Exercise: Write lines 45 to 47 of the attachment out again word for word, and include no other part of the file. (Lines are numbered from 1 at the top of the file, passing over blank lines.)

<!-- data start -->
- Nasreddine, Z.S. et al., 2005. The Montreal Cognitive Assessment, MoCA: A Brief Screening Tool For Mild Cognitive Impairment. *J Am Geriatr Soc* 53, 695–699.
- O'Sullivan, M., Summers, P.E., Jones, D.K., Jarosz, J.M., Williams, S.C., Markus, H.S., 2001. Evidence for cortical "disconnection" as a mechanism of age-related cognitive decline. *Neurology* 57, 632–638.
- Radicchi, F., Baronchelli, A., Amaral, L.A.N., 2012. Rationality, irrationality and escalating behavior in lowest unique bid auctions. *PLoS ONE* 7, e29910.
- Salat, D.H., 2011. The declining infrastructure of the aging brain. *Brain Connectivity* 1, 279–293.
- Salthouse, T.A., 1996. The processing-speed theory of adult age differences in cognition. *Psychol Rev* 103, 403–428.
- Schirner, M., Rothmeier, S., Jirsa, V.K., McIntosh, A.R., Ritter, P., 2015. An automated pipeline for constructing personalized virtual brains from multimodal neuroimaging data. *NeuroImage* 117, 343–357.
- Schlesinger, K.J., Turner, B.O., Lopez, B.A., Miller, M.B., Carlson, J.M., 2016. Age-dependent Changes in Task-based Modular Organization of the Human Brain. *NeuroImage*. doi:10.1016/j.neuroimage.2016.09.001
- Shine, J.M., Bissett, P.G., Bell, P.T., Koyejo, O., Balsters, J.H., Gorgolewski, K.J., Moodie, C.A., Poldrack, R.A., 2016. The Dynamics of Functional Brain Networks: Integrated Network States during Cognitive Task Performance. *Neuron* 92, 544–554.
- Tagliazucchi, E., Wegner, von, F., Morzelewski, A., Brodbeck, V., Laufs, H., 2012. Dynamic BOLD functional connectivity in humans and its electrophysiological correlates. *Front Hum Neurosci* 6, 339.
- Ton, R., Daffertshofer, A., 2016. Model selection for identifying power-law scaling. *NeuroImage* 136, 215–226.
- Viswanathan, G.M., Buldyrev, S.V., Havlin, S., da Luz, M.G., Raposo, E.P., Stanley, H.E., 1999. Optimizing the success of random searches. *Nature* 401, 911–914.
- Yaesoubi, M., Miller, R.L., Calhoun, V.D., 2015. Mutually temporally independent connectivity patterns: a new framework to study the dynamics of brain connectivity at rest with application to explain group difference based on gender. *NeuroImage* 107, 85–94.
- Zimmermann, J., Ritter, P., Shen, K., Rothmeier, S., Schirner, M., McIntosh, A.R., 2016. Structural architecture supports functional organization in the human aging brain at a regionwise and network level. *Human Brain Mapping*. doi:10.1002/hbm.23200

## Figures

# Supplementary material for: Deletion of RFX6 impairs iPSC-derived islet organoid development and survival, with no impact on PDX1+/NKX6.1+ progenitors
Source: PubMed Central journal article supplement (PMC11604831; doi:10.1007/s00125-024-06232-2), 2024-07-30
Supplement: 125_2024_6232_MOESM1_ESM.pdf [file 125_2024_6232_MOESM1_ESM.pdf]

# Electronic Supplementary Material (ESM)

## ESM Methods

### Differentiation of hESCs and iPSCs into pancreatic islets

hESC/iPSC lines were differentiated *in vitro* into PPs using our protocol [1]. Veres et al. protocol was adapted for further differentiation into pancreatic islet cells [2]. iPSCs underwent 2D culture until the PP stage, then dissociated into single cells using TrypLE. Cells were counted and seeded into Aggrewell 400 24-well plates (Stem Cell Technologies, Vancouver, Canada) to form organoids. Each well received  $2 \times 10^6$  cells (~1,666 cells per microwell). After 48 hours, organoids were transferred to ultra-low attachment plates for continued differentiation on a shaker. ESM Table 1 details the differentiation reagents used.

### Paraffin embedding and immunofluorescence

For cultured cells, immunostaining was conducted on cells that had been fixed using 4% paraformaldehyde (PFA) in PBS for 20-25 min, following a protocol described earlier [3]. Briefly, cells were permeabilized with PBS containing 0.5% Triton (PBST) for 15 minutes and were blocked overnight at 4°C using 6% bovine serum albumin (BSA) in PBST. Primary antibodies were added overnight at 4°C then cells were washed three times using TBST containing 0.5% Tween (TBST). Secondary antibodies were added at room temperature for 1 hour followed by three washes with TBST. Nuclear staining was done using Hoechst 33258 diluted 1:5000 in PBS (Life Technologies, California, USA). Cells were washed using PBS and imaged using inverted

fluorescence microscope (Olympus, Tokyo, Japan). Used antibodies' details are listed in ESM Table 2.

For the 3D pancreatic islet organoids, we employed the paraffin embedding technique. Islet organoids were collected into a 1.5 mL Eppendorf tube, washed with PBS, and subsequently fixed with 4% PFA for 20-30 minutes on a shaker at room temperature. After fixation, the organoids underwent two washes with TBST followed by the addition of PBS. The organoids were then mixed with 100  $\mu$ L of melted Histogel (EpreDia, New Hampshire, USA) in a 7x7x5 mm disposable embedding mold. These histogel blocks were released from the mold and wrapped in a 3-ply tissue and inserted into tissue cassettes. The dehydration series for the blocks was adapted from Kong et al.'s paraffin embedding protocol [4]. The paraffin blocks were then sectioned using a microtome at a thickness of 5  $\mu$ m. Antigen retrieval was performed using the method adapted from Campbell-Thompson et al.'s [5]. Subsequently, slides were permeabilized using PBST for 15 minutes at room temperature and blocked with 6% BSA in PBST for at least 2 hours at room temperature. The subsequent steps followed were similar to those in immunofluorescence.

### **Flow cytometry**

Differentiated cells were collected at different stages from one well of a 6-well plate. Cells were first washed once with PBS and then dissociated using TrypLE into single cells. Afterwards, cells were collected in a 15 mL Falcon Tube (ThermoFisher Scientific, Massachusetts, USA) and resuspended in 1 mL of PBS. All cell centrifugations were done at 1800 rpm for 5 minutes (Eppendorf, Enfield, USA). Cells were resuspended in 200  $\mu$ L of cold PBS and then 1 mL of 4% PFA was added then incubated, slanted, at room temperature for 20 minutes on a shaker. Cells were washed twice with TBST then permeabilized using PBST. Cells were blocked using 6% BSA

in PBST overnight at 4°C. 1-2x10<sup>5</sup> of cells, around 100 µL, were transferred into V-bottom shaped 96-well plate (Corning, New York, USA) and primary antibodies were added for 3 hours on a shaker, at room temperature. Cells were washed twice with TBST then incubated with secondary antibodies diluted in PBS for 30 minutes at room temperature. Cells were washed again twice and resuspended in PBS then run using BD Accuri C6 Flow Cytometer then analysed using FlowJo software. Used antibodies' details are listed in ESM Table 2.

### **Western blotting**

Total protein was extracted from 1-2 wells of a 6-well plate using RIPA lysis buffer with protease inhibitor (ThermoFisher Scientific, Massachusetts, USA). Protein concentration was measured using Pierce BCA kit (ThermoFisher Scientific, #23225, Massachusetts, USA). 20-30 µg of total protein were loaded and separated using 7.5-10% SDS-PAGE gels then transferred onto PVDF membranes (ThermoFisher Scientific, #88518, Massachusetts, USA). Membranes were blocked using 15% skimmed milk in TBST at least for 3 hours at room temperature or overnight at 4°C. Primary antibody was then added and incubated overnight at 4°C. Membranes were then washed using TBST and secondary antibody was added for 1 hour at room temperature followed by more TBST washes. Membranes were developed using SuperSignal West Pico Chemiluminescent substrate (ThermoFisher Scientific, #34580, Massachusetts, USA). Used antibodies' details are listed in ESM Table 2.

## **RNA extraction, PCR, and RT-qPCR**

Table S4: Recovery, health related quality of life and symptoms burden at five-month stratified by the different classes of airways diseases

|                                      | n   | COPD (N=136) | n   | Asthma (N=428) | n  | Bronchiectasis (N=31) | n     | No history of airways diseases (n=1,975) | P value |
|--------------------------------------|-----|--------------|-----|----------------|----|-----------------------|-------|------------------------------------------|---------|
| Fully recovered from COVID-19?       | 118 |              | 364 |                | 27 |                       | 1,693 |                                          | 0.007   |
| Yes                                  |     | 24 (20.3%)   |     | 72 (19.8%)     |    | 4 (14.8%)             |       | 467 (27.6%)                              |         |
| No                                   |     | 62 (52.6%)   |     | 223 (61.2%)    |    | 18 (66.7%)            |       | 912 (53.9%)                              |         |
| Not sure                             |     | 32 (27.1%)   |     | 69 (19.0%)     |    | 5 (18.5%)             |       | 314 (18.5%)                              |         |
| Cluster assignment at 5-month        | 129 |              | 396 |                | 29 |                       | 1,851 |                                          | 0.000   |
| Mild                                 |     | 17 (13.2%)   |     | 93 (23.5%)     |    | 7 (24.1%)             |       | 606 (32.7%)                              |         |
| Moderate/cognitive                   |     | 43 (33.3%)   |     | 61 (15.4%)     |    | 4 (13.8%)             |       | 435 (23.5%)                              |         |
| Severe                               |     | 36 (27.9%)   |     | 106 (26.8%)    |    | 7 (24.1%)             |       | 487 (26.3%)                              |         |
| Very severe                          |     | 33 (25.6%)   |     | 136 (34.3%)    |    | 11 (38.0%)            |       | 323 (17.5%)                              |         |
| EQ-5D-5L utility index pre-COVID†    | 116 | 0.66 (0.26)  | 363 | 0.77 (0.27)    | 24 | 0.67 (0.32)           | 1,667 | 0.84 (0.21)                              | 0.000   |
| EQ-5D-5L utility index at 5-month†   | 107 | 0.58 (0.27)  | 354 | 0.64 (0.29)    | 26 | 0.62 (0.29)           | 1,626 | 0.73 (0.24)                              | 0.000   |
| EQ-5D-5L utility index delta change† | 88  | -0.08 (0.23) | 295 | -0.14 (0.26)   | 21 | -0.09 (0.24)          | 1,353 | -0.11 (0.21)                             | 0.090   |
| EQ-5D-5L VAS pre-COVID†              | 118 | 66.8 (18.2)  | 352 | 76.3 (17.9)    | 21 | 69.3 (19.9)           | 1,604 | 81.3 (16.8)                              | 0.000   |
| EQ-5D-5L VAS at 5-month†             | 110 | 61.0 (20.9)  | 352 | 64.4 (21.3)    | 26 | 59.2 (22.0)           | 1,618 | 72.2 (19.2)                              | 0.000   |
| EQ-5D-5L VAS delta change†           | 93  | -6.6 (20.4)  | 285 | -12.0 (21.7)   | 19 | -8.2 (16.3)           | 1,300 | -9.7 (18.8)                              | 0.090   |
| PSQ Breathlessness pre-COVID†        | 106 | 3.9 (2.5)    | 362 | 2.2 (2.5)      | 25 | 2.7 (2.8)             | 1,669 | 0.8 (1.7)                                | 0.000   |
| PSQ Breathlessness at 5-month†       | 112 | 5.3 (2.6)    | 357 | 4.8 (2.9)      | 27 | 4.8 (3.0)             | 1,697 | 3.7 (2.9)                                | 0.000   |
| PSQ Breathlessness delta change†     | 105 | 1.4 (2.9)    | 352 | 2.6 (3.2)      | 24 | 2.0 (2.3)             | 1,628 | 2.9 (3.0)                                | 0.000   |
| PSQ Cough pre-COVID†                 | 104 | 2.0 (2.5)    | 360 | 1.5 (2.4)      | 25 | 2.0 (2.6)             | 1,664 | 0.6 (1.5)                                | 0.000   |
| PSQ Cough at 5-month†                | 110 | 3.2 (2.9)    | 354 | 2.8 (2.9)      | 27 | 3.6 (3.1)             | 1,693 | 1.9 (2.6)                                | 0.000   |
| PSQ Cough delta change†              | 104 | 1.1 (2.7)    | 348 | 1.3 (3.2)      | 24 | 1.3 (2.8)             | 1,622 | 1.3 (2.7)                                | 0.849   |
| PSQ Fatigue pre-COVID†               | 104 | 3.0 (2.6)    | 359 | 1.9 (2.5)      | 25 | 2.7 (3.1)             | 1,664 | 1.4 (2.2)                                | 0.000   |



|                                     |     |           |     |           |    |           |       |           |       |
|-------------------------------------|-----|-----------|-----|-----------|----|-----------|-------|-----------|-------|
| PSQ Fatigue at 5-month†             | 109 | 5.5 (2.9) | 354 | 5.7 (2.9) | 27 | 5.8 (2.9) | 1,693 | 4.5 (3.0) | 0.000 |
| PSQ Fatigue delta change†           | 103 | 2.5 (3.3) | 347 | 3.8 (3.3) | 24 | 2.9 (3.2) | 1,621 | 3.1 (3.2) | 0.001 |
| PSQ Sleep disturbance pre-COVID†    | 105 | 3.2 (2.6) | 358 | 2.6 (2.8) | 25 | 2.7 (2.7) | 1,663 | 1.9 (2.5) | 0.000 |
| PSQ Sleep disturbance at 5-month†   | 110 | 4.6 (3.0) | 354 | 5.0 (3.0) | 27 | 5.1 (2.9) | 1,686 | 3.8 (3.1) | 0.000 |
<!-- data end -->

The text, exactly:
| EQ-5D-5L utility index at 5-month†   | 107 | 0.58 (0.27)  | 354 | 0.64 (0.29)    | 26 | 0.62 (0.29)           | 1,626 | 0.73 (0.24)                              | 0.000   |
| EQ-5D-5L utility index delta change† | 88  | -0.08 (0.23) | 295 | -0.14 (0.26)   | 21 | -0.09 (0.24)          | 1,353 | -0.11 (0.21)                             | 0.090   |
| EQ-5D-5L VAS pre-COVID†              | 118 | 66.8 (18.2)  | 352 | 76.3 (17.9)    | 21 | 69.3 (19.9)           | 1,604 | 81.3 (16.8)                              | 0.000   |